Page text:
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How do you recycle a bunker, part 2: the Heiligengeistfeld giant

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The Flakturm IV in a sea of concrete

The Flakturm IV in a sea of pavement

One of the traditional fun things to do in Hamburg is go to the Dom. This is a big cheesy fair held three times of year. I went there a few years ago (missed it this year!), rode the Ferris Wheel, and sampled a currywurst for the first time.

Currywurst at the Dom, 2011

Currywurst at the Dom, 2011

The site of the fair, Heiligengeistfeld, is named after the long gone Holy Ghost hospital. The 20 hectare field was used to grow food for the hospital as early as the fourteenth century. But now, with the fair gone, the site is desolate: it’s a large, flat paved area with nothing on it but a giant bunker, the old Flakturm IV. But the bunker may be at the core of re-greening the site: there is a proposal to build hanging gardens all over it.

The bunker is massive: each side is 75 meters long, the structure is 42 meters tall (about six storeys), and more than 80,000 cubic meters of concrete were used for the 3.5 meter thick walls and five meter thick roof. The whole thing, large enough to shelter 25,000 people during the worst air raid, was topped with four twin anti-aircraft cannons.

The Wilhelmsburg bunker a few years ago

The Wilhelmsburg bunker a few years ago

Project leader Robin Houcken, with a group of activists, wants to use the bunker as a focus for re-greening the area. “We got inspired by the overgrown Wilhelmsburg bunker”, he said. The formerly abandoned bunker had trees and weeds growing all over it: why not channel this image into a vision for a park?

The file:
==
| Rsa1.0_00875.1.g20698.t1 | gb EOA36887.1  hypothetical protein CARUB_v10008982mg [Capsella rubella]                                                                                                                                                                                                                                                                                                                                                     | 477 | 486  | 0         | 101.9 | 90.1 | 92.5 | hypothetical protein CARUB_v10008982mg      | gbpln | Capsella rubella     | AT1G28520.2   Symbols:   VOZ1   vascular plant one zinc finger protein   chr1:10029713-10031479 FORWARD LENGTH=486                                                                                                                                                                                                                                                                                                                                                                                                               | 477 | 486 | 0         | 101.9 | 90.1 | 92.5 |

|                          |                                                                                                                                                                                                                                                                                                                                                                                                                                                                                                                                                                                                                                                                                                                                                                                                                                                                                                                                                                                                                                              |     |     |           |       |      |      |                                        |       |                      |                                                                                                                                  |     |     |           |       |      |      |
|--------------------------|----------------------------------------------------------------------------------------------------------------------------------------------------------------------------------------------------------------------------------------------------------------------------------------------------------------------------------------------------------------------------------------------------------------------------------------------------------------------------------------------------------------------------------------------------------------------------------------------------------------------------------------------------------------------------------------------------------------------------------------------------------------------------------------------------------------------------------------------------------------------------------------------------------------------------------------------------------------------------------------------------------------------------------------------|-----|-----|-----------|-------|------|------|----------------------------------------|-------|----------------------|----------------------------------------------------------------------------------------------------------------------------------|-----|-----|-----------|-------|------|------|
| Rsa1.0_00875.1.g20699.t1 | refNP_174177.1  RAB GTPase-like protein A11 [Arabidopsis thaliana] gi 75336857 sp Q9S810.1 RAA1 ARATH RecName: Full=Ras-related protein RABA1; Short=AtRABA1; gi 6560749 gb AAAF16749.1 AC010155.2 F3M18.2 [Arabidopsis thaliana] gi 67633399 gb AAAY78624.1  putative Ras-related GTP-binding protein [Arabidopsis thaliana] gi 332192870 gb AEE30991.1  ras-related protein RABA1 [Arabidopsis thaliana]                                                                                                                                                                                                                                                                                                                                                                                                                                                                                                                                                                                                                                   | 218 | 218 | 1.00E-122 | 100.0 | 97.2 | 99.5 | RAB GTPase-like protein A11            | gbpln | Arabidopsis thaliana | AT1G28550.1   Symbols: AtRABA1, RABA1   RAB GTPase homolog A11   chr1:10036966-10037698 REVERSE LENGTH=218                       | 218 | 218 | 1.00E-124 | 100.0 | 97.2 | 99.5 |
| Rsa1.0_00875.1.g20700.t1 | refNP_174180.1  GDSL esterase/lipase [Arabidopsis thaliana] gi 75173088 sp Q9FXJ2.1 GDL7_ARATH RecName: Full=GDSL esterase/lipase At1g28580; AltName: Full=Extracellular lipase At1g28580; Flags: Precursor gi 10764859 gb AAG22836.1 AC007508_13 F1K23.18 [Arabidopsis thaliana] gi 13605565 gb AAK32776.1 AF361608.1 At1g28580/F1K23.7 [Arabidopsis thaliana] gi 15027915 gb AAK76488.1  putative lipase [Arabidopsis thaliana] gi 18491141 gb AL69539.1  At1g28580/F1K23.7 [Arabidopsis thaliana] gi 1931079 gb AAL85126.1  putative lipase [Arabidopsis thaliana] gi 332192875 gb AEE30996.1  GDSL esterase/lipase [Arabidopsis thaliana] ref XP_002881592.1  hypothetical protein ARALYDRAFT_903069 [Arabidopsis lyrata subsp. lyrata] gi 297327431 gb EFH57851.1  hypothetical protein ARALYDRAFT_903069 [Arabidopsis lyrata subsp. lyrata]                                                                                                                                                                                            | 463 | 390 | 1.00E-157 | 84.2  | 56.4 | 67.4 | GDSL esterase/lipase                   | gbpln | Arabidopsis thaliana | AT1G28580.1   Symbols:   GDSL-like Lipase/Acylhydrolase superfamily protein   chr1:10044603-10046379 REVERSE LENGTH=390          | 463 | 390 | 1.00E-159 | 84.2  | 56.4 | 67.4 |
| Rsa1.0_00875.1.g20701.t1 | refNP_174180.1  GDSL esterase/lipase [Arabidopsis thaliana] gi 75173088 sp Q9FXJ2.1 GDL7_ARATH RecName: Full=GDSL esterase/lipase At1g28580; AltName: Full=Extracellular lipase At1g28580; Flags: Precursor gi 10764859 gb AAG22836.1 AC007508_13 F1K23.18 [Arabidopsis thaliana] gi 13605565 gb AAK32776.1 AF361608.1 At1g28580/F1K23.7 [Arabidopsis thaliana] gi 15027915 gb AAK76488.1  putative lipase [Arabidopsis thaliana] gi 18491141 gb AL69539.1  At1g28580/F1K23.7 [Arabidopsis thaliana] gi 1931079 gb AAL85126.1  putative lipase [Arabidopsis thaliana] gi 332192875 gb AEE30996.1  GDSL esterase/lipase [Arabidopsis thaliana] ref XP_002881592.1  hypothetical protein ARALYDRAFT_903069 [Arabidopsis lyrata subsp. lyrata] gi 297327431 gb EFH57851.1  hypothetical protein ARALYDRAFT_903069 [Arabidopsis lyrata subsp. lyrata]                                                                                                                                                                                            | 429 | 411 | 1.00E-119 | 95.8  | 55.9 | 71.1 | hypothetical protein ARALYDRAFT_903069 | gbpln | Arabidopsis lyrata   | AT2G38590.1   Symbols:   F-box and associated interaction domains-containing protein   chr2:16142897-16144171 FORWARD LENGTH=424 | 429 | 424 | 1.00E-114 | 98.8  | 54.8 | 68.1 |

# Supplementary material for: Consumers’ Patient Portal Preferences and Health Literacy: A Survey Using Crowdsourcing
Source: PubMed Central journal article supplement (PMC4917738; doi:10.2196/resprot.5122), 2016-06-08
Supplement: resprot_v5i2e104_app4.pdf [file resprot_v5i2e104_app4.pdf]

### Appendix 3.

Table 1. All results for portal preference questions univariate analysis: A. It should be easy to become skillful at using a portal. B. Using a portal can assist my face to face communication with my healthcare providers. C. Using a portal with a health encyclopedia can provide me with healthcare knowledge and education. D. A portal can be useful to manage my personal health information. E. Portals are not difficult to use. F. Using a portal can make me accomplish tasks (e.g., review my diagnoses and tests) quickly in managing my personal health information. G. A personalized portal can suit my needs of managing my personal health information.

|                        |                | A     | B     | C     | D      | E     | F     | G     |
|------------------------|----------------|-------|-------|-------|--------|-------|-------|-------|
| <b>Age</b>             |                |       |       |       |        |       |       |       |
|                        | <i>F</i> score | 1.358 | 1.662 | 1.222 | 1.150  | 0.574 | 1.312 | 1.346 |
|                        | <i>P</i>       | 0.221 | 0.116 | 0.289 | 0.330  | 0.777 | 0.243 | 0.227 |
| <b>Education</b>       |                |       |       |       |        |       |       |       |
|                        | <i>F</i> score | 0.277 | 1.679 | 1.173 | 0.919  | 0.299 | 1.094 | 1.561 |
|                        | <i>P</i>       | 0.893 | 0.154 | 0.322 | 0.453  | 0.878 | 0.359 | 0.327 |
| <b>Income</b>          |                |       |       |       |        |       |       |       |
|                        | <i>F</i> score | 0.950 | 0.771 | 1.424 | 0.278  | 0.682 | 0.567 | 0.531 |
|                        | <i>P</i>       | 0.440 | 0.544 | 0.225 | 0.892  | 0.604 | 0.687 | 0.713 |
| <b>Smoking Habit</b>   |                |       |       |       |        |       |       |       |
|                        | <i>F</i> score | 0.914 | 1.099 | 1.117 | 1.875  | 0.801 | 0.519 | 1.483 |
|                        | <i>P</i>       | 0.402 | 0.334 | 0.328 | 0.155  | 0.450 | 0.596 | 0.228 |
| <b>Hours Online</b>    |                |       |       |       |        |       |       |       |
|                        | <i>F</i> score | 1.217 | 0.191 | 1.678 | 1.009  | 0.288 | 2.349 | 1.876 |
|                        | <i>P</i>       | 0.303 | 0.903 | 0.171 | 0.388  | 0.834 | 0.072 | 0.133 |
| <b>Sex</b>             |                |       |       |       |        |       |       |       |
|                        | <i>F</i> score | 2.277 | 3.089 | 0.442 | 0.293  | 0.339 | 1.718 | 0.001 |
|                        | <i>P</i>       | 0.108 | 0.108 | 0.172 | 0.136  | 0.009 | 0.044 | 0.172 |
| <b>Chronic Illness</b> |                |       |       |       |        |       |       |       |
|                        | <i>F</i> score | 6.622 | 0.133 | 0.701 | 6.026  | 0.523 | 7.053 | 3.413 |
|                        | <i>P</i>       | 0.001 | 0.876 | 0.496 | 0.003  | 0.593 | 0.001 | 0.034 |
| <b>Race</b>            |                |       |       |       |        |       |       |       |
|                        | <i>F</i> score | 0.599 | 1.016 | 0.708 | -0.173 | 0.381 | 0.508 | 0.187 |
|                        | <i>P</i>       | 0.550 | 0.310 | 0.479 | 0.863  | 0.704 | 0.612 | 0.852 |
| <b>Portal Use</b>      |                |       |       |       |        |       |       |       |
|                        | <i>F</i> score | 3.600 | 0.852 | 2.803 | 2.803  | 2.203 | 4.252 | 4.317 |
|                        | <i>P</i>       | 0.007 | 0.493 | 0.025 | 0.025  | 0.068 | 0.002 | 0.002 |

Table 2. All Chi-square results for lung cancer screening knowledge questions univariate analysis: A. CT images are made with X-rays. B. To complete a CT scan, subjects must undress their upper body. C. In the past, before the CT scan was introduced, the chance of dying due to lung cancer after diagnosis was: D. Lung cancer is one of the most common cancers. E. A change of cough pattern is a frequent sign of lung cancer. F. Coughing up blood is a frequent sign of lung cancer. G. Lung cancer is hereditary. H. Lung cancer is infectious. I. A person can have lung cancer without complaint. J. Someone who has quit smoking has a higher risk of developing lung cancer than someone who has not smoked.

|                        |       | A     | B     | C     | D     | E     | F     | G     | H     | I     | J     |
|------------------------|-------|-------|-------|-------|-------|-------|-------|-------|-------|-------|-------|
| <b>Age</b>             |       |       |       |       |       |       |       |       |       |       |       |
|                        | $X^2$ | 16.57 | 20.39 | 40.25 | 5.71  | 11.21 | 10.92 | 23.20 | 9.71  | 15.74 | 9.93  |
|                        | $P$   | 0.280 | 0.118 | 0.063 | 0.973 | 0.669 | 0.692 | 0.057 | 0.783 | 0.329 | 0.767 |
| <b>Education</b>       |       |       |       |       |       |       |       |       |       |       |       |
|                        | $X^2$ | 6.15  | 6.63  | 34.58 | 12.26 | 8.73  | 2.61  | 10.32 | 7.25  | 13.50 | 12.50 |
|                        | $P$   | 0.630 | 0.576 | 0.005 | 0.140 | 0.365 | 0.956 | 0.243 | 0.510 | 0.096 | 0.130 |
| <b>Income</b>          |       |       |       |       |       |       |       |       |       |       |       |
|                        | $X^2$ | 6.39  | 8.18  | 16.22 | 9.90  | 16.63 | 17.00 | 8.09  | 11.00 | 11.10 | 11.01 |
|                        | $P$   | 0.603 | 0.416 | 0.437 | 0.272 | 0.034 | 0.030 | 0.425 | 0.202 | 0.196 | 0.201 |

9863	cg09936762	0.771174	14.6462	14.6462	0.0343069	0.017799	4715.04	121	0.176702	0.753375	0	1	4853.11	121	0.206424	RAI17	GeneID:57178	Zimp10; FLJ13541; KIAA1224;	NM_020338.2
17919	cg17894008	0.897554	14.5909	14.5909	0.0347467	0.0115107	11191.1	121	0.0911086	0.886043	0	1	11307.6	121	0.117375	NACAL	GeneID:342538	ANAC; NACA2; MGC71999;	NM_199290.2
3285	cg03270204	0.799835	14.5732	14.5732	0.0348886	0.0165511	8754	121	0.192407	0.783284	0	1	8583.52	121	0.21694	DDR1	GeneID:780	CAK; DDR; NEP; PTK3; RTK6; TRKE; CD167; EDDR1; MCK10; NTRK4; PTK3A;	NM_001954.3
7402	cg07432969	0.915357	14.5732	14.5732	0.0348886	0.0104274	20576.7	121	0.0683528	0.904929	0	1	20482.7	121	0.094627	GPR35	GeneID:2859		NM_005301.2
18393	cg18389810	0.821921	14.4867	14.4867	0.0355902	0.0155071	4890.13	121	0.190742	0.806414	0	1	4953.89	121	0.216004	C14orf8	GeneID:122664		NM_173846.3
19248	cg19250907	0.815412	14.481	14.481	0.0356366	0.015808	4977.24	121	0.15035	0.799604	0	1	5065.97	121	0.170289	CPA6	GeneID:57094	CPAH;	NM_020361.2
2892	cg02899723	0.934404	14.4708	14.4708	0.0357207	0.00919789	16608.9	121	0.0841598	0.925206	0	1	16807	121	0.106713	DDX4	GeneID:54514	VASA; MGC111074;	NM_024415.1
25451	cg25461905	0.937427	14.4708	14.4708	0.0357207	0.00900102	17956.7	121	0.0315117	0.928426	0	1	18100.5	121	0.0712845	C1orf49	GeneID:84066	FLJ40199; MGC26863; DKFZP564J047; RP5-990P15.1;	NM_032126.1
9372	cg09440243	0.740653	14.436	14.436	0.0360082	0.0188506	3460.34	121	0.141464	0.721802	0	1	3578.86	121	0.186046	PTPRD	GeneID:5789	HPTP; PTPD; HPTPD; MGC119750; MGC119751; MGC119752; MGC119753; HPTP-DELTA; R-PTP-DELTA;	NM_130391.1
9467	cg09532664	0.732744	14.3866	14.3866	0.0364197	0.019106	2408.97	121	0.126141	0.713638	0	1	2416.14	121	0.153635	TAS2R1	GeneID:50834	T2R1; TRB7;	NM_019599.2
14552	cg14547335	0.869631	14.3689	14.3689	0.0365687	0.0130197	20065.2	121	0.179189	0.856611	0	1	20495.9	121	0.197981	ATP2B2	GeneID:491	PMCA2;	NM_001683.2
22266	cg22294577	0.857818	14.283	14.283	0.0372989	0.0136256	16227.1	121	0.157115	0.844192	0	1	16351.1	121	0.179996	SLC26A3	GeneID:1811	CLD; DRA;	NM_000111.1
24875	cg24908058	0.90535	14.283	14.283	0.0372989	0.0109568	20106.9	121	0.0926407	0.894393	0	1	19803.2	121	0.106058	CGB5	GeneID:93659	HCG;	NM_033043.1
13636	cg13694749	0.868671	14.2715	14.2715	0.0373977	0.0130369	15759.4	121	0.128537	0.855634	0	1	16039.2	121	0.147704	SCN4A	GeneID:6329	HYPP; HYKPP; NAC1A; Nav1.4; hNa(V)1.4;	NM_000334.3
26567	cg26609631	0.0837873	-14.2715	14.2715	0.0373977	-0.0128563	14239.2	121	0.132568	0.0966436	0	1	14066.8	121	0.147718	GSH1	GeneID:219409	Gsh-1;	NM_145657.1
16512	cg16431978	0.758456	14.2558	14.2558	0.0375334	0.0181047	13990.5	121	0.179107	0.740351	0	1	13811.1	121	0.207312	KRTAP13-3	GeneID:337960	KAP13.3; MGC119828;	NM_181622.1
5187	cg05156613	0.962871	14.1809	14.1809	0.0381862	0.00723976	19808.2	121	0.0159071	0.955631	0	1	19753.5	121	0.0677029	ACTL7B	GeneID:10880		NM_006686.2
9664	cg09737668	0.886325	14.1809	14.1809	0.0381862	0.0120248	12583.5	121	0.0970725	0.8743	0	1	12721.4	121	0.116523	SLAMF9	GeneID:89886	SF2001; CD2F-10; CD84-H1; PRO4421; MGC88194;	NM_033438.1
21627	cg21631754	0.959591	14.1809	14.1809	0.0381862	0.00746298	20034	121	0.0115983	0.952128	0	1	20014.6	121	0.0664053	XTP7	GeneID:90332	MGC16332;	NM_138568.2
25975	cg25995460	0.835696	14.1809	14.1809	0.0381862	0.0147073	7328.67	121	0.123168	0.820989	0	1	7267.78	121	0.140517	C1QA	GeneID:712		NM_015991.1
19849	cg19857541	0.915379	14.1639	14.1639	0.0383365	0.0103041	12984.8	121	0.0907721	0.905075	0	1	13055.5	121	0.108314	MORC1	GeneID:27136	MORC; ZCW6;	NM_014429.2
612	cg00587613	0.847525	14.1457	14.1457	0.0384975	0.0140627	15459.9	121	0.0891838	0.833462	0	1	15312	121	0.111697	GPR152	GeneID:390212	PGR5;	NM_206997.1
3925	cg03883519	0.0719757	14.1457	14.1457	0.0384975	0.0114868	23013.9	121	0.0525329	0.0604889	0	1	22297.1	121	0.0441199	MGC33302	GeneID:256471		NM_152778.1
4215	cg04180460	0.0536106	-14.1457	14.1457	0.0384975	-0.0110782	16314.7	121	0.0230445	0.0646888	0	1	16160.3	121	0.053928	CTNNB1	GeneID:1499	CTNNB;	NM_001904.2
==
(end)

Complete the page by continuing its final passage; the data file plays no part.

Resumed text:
The basis of the design is the creation of a pyramid atop the bunker. On the top level, a 1500 square meter garden will incorporate trees and areas for urban farming. The descending levels will also be planted, for a total of 1800 square meters. A ramp, vegetated as well, is to be built around the bunker for public access.

Inside the pyramid will be several rooms to host community amenities such as a library or a community kitchen, as well as small show rooms or even accommodation for touring artists. The main hall, already used periodically for technopop concerts and raves, will be renovated but still used for cultural events.

What Heiligengeist could become: the hanging gardens of hamburg

What Heiligengeist could become: the hanging gardens of hamburg

Of course, heritage values are key for a site like this. The structure of the bunker itself will not be modified.  The pyramid at the top will also include a memorial to the victims of war, including the thousand prisoners whose forced labour built the structure.

One of the remarkable aspects of the project has been the local community buy-in. From the very start, consultation and transparency were seen as key values. Anti-gentrification protests, usually so common in German cities, have not emerged here. Politicians have responded accordingly, and the project should get going in 2016. The greening will extend to parts of the parking lot, as well.

In that respect, the project website is remarkable in its thoroughness. Too bad it’s in German; I can appreciate only part of it. But I love daring projects, and this is one to follow.

Details of the design

Details of the design

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Written by enviropaul

October 15, 2015 at 11:52 am

One Response

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  1. […] How do you recycle a bunker, part one, is here, and part two is here. […]


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